Joyce walked to the cellar stairs, went down one step, then the next one more slowly, and then stopped. “I dont want to,” she said, one hand on the wall, and the other still on the door post.
“Why not?” Bear asked, sitting back with his tongue out.
‘Well it’s dark and I can’t see the steps.”
“You can feel,” the Bear said.
“But I might fall, or touch something,” she said, looking back over her shoulder.
“What? Something soft and wet that will jump,” the Bear said, saying “jump” very quickly.
Joyce clambered up the two steps into the kitchen. “Don’t say things like that, you frighten me,” she said, breathing very quickly.
“I didnt frighten you,” he replied. “You were already frightened but you wouldn’t admit it. Yet you know that there are only boxes of apples, a pile of old magazines, some suitcases and tools down there. Nothing at all down there to be frightened of, yet you were, even before I said Jump! and that’s what a Ghoulygar is!”
“But I didn’t see anything, and anyway, it is frightening down there. I bet you wouldn’t go down there without the light on – there are mice down there.”
The Bear got up and walked to the cellar door, then stopped and looked back at Joyce. It’s not good to be frightened; not unless there is something to be frightened of. But you don’t often see Ghoulygars, you only feel them like you did. If you are always frightened, unhappy, cant sleep, hate everyone, don’t like babies, dogs or animals, or cant stop working, even when there is no need, thats Ghoulygars. See what I mean about them don’t you?” he asked; then turned and walked down the stairs, his claws click clicking on the stone steps. Joyce stood at the top of the stairs watching him disappear into the dark.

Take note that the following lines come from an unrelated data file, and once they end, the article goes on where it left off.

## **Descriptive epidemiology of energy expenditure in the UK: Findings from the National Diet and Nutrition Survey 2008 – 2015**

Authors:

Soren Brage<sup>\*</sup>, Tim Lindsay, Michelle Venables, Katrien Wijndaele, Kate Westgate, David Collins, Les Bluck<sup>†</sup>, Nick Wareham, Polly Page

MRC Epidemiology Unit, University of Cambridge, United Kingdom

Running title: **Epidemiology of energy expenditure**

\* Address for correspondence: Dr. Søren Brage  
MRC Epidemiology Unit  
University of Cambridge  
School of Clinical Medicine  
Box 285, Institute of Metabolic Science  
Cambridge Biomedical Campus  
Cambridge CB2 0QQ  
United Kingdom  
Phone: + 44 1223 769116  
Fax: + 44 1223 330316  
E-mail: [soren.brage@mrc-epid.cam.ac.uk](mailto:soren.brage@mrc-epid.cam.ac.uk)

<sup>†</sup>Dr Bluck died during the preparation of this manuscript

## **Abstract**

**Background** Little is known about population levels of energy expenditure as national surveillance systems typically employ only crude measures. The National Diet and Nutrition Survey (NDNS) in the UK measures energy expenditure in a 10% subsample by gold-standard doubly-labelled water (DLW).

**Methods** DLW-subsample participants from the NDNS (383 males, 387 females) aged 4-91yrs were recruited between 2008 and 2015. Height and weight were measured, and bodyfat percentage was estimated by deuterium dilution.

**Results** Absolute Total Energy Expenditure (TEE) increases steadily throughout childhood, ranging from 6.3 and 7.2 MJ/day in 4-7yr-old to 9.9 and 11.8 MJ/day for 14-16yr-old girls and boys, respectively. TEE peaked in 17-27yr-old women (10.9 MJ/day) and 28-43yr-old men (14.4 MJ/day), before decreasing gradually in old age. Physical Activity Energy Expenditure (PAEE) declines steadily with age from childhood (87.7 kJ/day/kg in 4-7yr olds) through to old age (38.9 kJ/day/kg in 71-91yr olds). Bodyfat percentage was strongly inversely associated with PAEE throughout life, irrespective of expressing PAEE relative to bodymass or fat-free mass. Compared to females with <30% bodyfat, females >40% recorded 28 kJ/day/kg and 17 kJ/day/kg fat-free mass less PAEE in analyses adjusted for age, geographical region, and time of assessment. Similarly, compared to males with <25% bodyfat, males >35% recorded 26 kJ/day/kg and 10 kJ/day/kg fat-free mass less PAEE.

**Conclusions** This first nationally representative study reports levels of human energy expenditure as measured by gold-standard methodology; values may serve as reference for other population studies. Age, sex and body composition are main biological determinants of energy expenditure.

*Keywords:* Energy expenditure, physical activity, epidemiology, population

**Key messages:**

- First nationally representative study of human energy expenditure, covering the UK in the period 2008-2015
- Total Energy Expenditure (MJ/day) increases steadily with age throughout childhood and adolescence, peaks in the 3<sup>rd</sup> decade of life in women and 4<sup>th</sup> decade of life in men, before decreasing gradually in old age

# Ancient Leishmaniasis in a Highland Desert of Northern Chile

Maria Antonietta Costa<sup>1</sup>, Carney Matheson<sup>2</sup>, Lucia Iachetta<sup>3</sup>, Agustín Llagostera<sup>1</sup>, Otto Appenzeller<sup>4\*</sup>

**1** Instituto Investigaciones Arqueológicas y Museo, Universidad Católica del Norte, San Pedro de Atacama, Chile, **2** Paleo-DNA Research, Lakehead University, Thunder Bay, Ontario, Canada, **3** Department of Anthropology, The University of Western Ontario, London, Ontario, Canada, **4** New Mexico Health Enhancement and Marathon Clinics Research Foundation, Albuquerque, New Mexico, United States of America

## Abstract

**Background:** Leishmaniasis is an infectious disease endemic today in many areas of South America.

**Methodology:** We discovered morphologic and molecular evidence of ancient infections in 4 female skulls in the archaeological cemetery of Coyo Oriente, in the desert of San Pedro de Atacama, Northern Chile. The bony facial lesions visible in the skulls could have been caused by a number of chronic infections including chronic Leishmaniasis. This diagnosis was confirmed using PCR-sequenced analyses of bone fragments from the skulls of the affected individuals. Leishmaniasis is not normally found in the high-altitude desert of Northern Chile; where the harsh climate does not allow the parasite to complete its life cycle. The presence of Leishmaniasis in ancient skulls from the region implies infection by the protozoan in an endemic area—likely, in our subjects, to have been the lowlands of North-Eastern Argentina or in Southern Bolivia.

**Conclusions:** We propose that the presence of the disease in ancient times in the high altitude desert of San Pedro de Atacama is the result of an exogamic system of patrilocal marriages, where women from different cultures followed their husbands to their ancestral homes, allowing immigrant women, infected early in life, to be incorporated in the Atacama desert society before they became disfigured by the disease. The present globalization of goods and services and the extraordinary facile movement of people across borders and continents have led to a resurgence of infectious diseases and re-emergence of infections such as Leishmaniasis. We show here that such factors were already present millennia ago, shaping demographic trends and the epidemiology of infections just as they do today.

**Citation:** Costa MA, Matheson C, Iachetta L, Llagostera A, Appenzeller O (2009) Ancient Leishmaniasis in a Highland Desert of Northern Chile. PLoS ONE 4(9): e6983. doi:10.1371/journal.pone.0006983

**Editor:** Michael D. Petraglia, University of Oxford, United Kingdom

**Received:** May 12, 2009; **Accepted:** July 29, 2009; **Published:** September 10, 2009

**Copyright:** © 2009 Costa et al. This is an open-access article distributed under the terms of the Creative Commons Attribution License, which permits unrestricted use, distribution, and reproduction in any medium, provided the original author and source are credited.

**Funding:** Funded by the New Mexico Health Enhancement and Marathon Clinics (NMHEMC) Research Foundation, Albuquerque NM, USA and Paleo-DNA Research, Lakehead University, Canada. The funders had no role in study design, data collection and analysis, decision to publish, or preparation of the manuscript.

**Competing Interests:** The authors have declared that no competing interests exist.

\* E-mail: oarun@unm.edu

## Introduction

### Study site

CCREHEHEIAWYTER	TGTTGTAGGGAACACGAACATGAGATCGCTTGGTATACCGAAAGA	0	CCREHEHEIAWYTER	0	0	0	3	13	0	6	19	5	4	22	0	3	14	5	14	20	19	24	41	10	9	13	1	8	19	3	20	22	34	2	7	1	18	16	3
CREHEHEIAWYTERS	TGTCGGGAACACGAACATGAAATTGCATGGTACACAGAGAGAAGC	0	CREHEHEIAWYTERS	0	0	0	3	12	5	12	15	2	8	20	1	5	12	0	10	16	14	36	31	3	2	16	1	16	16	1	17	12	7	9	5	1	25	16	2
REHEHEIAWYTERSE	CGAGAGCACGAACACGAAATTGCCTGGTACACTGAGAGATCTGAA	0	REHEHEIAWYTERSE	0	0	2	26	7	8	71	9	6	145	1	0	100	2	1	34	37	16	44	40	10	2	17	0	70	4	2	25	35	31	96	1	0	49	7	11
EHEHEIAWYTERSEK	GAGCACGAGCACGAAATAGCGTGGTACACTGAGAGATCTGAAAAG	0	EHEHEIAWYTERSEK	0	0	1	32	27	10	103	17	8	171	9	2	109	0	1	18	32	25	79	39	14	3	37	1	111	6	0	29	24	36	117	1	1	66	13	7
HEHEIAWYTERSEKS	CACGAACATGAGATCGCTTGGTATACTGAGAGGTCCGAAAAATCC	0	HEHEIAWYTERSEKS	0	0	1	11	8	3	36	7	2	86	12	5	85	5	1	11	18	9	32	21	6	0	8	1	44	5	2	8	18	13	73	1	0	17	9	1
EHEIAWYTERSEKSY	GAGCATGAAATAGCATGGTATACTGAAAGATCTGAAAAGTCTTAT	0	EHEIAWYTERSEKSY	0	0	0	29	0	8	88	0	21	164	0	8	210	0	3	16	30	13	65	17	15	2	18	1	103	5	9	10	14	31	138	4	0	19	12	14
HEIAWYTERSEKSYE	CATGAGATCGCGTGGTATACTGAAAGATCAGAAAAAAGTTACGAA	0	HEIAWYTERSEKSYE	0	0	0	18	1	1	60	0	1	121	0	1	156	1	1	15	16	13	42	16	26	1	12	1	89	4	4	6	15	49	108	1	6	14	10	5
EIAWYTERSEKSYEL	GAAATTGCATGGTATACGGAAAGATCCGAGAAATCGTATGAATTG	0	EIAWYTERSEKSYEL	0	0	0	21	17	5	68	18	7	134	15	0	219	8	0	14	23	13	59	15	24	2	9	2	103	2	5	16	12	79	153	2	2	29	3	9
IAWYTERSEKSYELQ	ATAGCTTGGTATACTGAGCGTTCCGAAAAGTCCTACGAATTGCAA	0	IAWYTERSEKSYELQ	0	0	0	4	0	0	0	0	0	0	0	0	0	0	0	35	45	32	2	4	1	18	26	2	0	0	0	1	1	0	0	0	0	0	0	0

Just at that moment the kitchen door opened and Joyces mother came in humming a tune and carrying a shopping basket. Joyce gasped, slightly frightened and excited all at once. Frightened because she felt that anything she did with the Bear would not be really understood by her parents, and excited because she had so much wanted her mother to see and believe in the Bear.
“What on earth are you doing, Joyce?” her mother asked, closing the door and putting her shopping on the table. “I’ve told you before that cellar is dangerous. Have you been down there?”
Joyce simply stood at the cellar door not knowing how to explain. “No, I didn’t go down there,” was all she managed to say.